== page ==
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Kanawha unveils mine accident response plan

Kanawha County officials unveiled a draft of their new plan for dealing with mining accidents at a monthly meeting of Metro 911’s executive board on Wednesday.In the wake of recent mining accidents in Upshur, Logan and Boone counties, which killed 16 miners, County Commission President Kent Carper requested a specific plan to help coordinate local first responders.“We’ve had practice at being involved in ongoing problems with gas leaks, floods, major accidents, and other natural disasters,” Carper said. “We needed the same thing with mining disasters.”The Interim Mining Disaster Plan establishes a method to help coordinate emergency and rescue operations.Now, in the event of an incident at one of the county’s 32 mines, Metro 911 employees will know how to respond.“We need to have a plan if we get the call,” said Carolyn Charnock, Metro 911 executive director.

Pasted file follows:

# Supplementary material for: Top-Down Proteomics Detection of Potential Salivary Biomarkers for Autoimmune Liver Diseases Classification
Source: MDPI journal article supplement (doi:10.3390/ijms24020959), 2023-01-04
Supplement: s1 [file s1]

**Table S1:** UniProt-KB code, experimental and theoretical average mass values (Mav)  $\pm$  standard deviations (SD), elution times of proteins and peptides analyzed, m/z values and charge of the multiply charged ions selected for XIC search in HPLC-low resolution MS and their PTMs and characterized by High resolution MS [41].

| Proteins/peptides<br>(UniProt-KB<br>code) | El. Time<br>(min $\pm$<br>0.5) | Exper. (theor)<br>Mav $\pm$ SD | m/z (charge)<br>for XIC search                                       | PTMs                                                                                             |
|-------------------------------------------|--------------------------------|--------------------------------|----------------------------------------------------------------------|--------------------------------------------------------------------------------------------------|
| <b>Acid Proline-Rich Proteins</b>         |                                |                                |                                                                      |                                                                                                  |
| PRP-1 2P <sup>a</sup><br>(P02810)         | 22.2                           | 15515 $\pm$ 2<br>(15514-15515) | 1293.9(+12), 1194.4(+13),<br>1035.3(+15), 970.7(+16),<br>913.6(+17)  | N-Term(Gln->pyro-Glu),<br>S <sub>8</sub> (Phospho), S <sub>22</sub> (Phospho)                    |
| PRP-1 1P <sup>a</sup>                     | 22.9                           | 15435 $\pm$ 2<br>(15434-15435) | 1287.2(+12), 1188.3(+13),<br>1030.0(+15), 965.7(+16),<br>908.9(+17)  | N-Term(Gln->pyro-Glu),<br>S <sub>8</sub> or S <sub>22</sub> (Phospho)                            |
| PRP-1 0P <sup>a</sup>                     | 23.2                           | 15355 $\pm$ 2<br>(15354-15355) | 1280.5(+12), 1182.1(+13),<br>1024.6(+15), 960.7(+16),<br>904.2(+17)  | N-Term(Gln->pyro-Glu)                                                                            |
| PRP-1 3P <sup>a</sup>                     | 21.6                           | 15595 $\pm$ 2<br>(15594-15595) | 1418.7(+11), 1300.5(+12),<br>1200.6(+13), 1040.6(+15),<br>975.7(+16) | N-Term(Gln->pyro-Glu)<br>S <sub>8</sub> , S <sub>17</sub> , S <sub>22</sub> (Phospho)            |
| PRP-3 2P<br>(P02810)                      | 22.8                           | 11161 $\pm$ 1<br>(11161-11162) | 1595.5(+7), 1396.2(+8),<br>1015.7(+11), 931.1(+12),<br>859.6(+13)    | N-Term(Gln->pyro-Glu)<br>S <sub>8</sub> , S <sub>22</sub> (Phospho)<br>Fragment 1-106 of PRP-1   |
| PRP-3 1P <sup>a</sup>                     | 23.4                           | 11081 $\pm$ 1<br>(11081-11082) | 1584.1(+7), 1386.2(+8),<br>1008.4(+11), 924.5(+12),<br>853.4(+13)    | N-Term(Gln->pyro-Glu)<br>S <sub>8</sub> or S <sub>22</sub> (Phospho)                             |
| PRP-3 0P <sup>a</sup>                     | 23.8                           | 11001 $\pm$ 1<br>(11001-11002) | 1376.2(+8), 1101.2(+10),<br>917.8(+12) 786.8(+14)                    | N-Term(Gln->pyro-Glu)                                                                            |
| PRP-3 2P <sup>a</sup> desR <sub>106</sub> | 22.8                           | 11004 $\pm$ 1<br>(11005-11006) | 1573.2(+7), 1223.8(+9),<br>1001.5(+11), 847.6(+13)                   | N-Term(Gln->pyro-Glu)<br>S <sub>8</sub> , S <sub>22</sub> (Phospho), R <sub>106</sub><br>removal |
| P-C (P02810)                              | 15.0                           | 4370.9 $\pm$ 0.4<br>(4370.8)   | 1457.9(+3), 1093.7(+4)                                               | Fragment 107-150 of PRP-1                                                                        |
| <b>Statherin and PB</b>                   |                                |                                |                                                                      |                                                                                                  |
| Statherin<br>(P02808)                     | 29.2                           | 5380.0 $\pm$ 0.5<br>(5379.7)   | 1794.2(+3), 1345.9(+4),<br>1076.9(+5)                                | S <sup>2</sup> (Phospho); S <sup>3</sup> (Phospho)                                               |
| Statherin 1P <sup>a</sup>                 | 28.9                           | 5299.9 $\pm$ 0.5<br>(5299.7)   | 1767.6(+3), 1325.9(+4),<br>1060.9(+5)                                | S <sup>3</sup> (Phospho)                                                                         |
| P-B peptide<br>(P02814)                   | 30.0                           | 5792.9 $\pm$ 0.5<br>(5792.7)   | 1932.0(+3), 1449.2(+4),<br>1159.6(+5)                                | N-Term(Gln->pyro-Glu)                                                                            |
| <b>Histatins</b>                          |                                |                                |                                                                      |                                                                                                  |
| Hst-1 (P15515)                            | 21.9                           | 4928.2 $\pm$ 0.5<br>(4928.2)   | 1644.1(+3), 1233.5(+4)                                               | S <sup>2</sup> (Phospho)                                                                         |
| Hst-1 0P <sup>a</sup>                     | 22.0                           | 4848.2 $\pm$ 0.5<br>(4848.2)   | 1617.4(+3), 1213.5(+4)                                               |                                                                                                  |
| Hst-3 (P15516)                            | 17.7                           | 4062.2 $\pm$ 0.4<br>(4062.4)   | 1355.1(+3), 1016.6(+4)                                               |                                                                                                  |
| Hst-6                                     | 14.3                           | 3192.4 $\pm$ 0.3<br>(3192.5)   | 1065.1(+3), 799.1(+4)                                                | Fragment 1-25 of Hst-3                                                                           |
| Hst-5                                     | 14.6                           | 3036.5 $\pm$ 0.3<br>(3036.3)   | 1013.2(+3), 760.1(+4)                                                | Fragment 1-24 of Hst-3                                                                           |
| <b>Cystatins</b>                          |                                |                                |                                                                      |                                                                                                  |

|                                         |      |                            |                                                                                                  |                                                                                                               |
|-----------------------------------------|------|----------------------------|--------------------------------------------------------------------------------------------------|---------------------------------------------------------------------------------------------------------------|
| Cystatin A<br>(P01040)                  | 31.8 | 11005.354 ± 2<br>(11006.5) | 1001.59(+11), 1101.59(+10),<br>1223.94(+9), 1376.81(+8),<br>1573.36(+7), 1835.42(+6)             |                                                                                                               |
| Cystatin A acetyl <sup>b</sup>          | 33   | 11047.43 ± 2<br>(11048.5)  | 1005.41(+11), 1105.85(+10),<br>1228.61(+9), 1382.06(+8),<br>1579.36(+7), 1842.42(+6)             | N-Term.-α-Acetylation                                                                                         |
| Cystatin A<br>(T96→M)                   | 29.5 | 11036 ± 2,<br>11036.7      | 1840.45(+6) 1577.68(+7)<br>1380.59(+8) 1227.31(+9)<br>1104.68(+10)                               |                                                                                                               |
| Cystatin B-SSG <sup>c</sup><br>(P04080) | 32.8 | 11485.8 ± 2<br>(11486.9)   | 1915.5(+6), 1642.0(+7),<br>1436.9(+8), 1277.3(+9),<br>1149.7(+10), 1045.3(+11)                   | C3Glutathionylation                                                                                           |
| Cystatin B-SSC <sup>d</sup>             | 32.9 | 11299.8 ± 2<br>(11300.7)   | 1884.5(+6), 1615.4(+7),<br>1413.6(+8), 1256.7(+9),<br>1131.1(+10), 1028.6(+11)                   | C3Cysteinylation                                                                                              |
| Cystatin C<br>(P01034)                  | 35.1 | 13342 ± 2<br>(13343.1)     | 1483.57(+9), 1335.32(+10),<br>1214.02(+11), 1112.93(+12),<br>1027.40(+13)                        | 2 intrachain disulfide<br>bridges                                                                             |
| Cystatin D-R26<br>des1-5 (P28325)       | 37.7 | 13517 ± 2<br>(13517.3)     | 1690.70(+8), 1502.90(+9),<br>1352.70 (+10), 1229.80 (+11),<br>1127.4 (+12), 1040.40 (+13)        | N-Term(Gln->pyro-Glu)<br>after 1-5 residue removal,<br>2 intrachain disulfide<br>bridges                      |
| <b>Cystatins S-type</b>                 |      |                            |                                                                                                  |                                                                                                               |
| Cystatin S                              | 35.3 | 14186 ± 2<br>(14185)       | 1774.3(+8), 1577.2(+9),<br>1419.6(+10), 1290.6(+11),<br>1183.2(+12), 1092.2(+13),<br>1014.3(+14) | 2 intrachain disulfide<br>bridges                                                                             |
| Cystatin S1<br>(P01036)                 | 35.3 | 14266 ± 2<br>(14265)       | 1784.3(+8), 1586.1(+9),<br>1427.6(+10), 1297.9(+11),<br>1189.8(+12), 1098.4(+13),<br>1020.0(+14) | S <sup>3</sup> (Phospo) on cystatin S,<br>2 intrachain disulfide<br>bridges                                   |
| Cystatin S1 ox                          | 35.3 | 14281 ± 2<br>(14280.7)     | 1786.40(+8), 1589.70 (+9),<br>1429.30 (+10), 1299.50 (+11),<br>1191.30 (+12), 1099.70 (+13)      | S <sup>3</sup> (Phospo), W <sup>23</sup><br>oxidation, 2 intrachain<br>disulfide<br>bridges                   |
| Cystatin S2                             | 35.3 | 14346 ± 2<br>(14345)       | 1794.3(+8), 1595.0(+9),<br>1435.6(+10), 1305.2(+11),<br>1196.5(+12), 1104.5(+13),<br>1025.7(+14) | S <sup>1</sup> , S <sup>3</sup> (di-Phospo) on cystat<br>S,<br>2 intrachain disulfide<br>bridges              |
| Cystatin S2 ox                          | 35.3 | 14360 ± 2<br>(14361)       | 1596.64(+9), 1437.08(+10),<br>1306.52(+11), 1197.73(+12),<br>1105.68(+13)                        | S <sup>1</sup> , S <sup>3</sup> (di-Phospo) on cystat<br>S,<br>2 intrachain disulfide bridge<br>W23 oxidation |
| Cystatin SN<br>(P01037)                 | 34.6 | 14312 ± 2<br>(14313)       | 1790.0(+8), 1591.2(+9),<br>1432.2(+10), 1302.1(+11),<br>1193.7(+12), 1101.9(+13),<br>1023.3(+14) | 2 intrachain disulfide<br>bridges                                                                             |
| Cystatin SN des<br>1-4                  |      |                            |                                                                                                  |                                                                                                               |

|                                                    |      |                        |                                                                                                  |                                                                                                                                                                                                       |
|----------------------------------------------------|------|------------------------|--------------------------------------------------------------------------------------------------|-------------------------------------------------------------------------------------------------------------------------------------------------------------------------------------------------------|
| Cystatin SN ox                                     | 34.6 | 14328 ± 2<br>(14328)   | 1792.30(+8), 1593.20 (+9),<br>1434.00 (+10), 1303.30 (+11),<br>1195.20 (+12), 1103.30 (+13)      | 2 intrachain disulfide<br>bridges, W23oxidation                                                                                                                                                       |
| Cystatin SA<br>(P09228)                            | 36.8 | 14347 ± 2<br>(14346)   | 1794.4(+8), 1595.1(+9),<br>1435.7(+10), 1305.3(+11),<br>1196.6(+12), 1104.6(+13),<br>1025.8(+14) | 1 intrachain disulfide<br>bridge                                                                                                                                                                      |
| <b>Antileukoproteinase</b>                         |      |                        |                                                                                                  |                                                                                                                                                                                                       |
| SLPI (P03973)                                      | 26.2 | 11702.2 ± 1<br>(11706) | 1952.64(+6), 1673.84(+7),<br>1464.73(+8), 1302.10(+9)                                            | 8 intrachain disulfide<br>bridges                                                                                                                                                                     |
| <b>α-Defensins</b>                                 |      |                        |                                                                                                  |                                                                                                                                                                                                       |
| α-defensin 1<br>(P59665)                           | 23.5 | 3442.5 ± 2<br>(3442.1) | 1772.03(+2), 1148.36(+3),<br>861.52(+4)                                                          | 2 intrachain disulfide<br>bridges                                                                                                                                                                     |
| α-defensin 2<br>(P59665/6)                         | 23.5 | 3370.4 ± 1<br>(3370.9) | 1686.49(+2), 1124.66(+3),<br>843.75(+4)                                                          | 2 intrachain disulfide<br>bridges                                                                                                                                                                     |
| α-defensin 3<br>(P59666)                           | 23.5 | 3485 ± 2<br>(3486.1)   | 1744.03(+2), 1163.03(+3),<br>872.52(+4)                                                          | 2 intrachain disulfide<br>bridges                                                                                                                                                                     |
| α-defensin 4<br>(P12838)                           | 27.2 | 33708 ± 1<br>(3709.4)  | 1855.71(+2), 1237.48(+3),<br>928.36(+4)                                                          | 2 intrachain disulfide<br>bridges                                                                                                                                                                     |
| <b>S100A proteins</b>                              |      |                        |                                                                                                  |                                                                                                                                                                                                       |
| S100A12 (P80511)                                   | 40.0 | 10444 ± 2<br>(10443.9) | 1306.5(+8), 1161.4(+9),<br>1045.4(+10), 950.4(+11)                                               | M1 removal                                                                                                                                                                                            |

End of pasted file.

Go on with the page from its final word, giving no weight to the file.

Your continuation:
Mining accidents can be logistical nightmares because of the various agencies that respond, including the state’s Office of Miners’ Health, Safety and Training, the federal Mine Safety and Health Administration, and local law enforcement, EMS and fire departments.“This is a step in the right direction,” said Mark Wolford, Charleston’s director of homeland security and emergency services and a Metro 911 board member. “It’s a better, unified approach to an emergency.”In January, at the urging of Gov. Joe Manchin, the state Legislature passed a bill that would create the Mine and Industrial Accident Rapid Response System. Under the new law, mines must call a 24-hour hotline within 15 minutes, which in turn must contact local emergency services.On Tuesday, Metro 911 received just such a call after a Kanawha County miner was injured, said Carper.Wolford said emergency officials were writing unified, all-hazard plans for Putnam and Kanawha counties. Once the plans are finalized, they are subject to the approval of the county commissions and city governments.“Being prepared for the unexpected is a challenge,” said Carper. He said not having a plan would be “gross negligence and a dereliction of duty.”To contact staff writer Andrew Clevenger, use e-mail or call 348-1723.
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